Is your child getting the nutrients he or she needs?
The National Health and Nutrition Examination Survey has been tracking Americans’ nutritional gaps since the 1960s. Analysis of this data, as well as reporting done by the United States Department of Agriculture, shows that many American children are missing critical vitamins and minerals in their diets.
Calcium is especially important for children as they grow. It helps form strong bones and teeth, preventing breaks, cavities, and other injuries.
Many children get their daily calcium from milk, but unless they are drinking 3 to 4 glasses per day, they might not be getting enough. Cheese and yogurt also provide high levels of calcium, often with lower levels of fat and sugar than milk.
If your child is lactose-intolerant, look for calcium-fortified nut and rice milks. Many vegetables also have calcium, including broccoli, collards, kale, sweet potatoes, and beans.
Vitamin D plays an essential role in tooth and bone formation by helping the body absorb minerals, including calcium. This helps prevent growth disorders, such as weak bones and rickets. Even if children have plenty of calcium in their diets, their bodies will have trouble using it without enough vitamin D.
Many dairy products are fortified with vitamin D; it can also be found in egg yolks, salmon, tuna, soy milk, and mushrooms. And don’t forget to make sure your child is spending time outside; sunlight helps convert vitamin D into the active form that your body actually uses.
Fiber promotes healthy digestion, keeps kids feeling full longer after meals, and slows the rate at which their bodies absorb sugar. It also helps prevent diseases like diabetes.
To make sure your child is getting enough fiber, include plenty of fruits and vegetables in their meals. Fiber is also found in whole grains, such as whole wheat flour, oatmeal, and brown rice. Many breads, cereals, and pastas are made with whole grains; try to select these rather than options made with refined grains and white flour.
The mineral potassium helps control blood pressure and prevent dehydration, helping children stay active. You may have heard that eating a banana will prevent cramps while running — that’s because the potassium in the fruit regulates muscle control, as well as contributing to healthy heart function.
Potassium is generally found in plants; in addition to bananas, your child can get potassium from potatoes, beans, sweet potatoes, yams, lima beans, avocado, dried peaches, and apricots. For kids who eat dairy, milk and plain yogurt also have high levels of potassium. Many fish are also good potassium sources, including tuna, salmon, and snapper.
Iron helps your body make red blood cells and build muscles. It is essential during any period of rapid growth, but older children are more likely to be iron deficient than younger ones, particularly adolescent girls.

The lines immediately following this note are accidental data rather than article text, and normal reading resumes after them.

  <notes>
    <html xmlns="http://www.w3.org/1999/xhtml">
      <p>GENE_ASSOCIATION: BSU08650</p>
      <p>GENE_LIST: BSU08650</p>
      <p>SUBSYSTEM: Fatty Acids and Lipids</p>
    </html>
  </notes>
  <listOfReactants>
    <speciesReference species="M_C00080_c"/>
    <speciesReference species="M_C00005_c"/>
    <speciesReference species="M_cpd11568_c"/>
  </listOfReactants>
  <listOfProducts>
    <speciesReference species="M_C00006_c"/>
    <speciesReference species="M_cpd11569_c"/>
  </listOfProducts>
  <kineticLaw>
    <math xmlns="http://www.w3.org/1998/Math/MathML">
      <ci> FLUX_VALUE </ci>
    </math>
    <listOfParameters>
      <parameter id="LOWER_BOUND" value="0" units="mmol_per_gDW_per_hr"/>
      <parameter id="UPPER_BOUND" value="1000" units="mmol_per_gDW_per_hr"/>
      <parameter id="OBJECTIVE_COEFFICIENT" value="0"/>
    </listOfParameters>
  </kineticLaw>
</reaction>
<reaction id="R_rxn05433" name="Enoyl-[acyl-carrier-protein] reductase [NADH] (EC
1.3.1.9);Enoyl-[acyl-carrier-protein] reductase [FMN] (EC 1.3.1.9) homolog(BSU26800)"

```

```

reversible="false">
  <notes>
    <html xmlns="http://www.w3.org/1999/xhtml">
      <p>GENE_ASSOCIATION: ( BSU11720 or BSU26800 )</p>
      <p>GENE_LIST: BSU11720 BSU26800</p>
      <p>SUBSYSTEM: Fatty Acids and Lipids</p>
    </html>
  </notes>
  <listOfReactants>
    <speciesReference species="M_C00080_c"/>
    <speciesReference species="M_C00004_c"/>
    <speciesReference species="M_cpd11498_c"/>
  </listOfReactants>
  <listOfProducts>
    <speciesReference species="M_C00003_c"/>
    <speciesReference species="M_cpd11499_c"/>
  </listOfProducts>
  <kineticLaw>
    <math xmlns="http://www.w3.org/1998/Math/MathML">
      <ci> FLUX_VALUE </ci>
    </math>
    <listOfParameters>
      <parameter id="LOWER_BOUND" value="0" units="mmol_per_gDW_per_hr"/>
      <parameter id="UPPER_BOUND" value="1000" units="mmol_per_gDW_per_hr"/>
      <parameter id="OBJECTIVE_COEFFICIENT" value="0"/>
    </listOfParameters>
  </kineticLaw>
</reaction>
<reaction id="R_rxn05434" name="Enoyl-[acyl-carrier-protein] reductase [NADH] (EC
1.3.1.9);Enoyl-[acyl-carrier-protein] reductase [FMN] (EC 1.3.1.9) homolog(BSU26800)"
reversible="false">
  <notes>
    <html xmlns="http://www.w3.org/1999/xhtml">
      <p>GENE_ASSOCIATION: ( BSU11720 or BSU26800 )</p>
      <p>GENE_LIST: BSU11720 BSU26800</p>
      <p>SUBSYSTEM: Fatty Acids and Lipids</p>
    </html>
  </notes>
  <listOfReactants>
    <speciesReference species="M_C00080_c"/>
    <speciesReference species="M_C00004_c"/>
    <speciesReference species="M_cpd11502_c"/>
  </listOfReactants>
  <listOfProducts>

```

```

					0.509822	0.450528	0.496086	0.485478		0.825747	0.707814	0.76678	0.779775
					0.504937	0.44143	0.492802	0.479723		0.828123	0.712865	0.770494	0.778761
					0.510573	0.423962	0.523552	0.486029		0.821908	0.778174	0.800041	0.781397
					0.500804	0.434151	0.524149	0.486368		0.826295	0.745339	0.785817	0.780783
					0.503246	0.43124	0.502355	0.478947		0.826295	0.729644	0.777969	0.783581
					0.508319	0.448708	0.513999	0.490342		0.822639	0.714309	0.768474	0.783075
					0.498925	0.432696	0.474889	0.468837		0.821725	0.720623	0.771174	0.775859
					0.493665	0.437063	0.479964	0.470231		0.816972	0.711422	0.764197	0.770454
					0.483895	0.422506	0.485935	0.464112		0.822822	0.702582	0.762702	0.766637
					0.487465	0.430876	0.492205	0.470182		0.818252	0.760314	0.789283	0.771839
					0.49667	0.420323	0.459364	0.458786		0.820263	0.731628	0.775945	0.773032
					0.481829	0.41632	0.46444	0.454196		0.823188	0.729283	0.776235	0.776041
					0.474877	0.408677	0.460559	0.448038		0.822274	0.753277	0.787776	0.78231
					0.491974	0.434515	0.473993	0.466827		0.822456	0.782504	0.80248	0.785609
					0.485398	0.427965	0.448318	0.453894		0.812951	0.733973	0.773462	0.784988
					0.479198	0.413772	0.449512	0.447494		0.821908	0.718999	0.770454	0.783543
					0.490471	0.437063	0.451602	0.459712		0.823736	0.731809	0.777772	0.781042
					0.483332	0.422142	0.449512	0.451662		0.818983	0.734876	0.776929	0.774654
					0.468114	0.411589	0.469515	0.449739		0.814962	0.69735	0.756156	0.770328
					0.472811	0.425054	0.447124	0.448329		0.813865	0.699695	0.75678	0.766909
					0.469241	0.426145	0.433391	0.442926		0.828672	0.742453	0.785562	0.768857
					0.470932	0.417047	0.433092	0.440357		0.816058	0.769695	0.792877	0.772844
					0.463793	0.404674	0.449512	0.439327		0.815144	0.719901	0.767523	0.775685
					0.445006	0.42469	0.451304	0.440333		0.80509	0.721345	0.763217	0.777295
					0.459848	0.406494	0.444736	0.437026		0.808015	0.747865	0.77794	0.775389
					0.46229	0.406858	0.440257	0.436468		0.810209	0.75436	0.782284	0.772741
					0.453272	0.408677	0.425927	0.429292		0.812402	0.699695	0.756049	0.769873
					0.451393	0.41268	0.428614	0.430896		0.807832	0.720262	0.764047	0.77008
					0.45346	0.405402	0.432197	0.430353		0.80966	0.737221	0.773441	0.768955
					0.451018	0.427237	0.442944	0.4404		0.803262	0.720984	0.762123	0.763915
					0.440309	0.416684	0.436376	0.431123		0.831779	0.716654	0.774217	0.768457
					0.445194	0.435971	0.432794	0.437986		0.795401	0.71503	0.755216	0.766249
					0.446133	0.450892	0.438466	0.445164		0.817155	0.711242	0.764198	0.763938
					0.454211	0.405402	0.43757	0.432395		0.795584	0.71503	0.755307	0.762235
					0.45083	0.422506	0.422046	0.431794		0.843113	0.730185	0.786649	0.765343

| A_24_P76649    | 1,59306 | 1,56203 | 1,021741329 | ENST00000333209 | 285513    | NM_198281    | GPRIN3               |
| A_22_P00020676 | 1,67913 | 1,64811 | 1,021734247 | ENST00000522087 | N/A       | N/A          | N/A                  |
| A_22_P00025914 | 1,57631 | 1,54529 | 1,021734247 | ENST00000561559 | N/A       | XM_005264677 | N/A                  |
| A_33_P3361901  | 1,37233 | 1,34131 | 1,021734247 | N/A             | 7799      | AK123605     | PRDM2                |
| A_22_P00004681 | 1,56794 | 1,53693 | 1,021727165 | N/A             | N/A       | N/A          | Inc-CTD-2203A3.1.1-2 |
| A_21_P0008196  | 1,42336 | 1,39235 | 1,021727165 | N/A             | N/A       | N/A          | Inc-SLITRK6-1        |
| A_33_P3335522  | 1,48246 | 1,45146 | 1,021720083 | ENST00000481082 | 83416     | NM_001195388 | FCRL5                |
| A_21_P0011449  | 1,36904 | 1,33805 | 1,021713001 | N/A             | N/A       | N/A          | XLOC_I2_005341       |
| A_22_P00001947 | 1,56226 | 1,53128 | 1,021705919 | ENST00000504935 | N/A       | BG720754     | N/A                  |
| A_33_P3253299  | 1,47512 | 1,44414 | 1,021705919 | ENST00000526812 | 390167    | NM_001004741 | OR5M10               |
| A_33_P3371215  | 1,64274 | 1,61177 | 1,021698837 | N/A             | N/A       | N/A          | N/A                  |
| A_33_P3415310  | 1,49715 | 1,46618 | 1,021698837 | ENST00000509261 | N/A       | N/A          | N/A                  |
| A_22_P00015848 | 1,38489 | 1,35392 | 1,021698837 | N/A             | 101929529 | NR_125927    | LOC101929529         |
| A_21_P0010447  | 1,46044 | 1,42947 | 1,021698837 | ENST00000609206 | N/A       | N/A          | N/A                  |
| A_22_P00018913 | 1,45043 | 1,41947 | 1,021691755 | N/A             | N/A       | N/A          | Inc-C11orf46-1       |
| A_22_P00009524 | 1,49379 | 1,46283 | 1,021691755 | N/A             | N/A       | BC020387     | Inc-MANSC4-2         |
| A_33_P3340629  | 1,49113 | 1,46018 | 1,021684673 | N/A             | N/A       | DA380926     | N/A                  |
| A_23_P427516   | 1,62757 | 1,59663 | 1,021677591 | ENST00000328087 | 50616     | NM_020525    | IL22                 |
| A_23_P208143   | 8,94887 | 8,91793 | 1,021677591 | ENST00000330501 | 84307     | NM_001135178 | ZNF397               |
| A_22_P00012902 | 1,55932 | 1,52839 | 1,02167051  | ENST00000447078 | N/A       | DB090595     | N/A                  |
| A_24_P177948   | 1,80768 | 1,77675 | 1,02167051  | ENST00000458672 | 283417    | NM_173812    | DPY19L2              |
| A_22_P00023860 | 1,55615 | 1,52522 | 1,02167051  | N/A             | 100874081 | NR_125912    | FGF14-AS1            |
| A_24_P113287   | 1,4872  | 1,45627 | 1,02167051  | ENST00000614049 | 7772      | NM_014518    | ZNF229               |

Most meat contains high levels of iron, including beef, turkey, and pork. If your child doesn’t like meat or is a vegetarian, plant sources include spinach, beans, nuts, seeds, quinoa, and oatmeal. Many cereals and breads are also fortified with extra iron.
Vitamin E is an essential part of a healthy immune system, helping your child fight off infections. Though it is rare for children to have a vitamin E deficiency severe enough to cause health problems, most Americans under age 18 are not getting the recommended amount in their diet.
To boost your child’s vitamin E intake, include plenty of fruits, nuts, and vegetables in your family’s diet. Almonds, kiwi, broccoli, mango, peanut butter, and spinach are all excellent sources of vitamin E.
Vitamin A contributes to bone growth, promotes strong vision, and helps your child’s immune system function normally. It also helps the cells in your body grow, particularly your hair, nails, and skin.
Colorful fruits and vegetables are the best sources of vitamin A. Try including carrots, butternut squash, sweet potatoes, cantaloupe, bell peppers, apricots, peaches, or mango in your child’s diet to increase vitamin A levels. Most dairy products, such as plain yogurt and cheddar cheese, also contain vitamin A.
If you have a picky eater, it may be difficult for your child to get their vitamins and minerals through diet alone. In that case, research shows that taking multivitamins can provide missing nutrients.
However, the American Academy of Pediatrics warns that some vitamin supplements can cause nutrient overdoses in children, which contribute to health problems. If you think your child may need a dietary supplement, always talk to your child’s pediatrician first.
August 17, 2016
Janet O’Dell, RN